Greater coordination needed in climate finance: Mataki





GREATER coordination is needed in the management of Climate Finance, says Permanent Secretary of the Ministry of Environment, Climate Change, Disaster Management and Meteorology (MECDM) Dr Melchior Mataki at the global climate change talks (COP23) in Bonn, Germany this week.

Dr Melchior was speaking as a panellist at a side event dubbed “Accessing and Managing Climate Change Finance – Experiences from the Pacific Region”.

Dr Melchior acknowledged that Solomon Islands has accessed a significant amount of funding, with majority of funding coming from multilateral sources (54 percent) and the remaining 46 percent from bilateral sources.

But, he said, “While a number of government and non-government agencies are implementing climate change and disaster related activities, they are operating in silos and greater coordination is needed. Further improvements in vertical and horizontal engagement and coordination with line ministries would augment institutional strengthening.”

Dr Melchior said direct access to global climate change funds such as the Green Climate Fund (GCF) and other international funding sources require robust PFM systems to meet necessary fiduciary standards.

“Serious reforms are still required, particularly in the pursuit for accreditation. The National Transport Fund was found to be best placed as a potential NIE to the GCF, specific to the transport sector, while the Ministry of Finance and Treasury potentially could be strengthened as a candidate for multi-sector projects.

“While there is sufficient capacity to access and manage international climate change and disaster risk financing at the national level, serious limitations exist at the sub- national or provincial level,” he said.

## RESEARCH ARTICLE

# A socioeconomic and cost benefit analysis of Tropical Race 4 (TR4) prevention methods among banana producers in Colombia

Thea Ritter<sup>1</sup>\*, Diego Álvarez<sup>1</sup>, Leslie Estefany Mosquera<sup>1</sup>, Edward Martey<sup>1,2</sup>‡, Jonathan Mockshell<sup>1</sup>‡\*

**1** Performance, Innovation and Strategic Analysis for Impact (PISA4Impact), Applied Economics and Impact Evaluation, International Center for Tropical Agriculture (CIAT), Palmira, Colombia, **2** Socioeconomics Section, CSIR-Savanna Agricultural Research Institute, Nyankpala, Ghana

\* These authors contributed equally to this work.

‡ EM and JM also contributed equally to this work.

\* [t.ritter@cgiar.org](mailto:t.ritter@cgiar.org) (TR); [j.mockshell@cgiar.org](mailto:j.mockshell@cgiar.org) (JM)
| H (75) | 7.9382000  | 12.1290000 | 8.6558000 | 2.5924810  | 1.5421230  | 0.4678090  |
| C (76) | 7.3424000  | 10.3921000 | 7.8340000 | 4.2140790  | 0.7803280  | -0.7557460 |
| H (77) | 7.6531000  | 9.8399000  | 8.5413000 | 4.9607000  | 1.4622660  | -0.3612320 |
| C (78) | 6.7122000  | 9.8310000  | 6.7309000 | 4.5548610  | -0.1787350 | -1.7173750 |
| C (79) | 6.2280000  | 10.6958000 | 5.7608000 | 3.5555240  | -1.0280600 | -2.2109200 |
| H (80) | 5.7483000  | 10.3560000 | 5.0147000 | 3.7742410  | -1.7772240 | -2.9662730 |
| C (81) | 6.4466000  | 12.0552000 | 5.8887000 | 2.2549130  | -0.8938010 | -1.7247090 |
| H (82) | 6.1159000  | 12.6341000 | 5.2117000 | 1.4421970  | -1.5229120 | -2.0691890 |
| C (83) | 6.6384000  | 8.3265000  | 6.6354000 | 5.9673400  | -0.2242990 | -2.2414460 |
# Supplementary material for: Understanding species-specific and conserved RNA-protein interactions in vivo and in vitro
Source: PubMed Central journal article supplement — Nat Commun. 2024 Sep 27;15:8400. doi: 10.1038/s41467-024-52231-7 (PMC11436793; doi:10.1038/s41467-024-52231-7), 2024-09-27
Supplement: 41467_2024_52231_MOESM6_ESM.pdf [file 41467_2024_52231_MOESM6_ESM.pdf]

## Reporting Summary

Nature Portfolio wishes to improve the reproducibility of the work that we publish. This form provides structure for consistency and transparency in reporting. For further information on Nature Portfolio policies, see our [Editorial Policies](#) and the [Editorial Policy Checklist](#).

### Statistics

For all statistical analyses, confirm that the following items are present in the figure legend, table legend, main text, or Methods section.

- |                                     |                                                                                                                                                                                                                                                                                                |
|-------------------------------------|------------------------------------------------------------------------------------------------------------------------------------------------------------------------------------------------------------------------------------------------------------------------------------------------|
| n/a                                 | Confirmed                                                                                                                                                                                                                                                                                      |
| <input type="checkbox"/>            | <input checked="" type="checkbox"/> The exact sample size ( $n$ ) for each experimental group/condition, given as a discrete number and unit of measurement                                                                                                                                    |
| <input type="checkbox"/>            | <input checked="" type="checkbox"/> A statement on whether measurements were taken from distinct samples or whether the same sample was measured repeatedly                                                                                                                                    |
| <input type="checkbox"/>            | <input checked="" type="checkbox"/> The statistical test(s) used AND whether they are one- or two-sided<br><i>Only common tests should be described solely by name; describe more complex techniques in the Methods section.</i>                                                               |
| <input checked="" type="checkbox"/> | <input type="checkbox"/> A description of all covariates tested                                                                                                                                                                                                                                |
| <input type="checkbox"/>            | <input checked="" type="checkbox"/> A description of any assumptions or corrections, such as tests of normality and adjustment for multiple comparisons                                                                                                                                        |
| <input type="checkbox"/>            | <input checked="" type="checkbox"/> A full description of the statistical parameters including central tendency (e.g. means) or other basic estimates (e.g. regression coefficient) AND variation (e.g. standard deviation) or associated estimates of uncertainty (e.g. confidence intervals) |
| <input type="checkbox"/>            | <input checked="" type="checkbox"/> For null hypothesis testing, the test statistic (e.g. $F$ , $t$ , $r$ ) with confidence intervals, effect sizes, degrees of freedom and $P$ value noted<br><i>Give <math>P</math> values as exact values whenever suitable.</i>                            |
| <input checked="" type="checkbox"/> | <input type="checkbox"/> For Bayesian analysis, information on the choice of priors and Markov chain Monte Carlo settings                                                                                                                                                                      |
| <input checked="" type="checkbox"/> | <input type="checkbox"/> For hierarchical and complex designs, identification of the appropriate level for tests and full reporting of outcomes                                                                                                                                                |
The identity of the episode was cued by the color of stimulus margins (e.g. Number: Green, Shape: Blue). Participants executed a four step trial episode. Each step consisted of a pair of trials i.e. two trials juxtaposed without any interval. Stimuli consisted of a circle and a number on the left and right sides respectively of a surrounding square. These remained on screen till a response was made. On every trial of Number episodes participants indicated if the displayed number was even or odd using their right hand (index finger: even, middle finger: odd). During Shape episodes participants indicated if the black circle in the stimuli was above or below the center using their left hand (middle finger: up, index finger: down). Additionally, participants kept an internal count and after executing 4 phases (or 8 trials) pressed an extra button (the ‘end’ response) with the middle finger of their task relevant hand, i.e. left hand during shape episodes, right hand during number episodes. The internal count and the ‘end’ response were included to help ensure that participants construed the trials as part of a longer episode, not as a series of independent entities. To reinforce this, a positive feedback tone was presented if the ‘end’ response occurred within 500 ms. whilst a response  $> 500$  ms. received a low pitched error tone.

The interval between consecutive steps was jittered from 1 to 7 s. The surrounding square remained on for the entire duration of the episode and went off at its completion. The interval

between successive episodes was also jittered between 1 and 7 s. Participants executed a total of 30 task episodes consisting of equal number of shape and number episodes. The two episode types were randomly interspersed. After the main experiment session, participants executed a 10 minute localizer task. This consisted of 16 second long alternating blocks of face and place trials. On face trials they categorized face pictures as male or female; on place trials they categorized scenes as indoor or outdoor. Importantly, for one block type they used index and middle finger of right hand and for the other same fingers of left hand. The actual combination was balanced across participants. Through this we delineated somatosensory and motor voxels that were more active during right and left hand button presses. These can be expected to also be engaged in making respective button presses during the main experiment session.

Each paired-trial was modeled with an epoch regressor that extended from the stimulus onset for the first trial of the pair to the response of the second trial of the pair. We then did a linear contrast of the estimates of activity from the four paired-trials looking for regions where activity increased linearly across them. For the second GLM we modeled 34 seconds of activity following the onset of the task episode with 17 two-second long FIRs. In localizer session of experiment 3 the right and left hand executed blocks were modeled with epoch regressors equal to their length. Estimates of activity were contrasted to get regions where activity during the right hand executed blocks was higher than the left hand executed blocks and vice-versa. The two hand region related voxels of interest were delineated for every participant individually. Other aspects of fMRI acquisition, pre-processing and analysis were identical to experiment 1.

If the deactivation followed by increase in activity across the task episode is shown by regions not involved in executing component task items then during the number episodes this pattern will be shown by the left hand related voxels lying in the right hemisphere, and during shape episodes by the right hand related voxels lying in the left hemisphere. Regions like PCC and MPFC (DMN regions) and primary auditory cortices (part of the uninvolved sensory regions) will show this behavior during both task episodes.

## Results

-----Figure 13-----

Dr Melchior said coordinating and capitalising on the different expertise that exist in different agencies is also challenging. An opportunity exists in capitalising on the NGO networks and presence in communities to complement government’s capacity.

While there is intent and a basis in the Government policies to develop integrated Child-centred Disaster Risk Reduction (CCDRR) programmes, Dr Melchior adds that measuring gender and social inclusion outcomes remains a weakness that could be further enhanced by supporting policy commitments towards gender equality, youth and disability in order to strengthen multi-sectoral coordination and resource allocation for implementation.

“Significant improvements to strengthen institutional arrangements and capacities to effectively manage development assistance has been made but ensuring leadership and ownership by government to drive development, and improving coordination, delegation, reporting and harmonisation by development partners remain as key areas for strengthening.”

Owing to the cross cutting nature of climate change and disaster risk reduction, Dr Melchior said a large component of climate change and disaster risk related expenditure is embedded in sector expenditures with other primary objectives, and not necessarily or predominantly within the expenditure and budget of the Ministry responsible for climate change and disaster risk reduction (MECDM).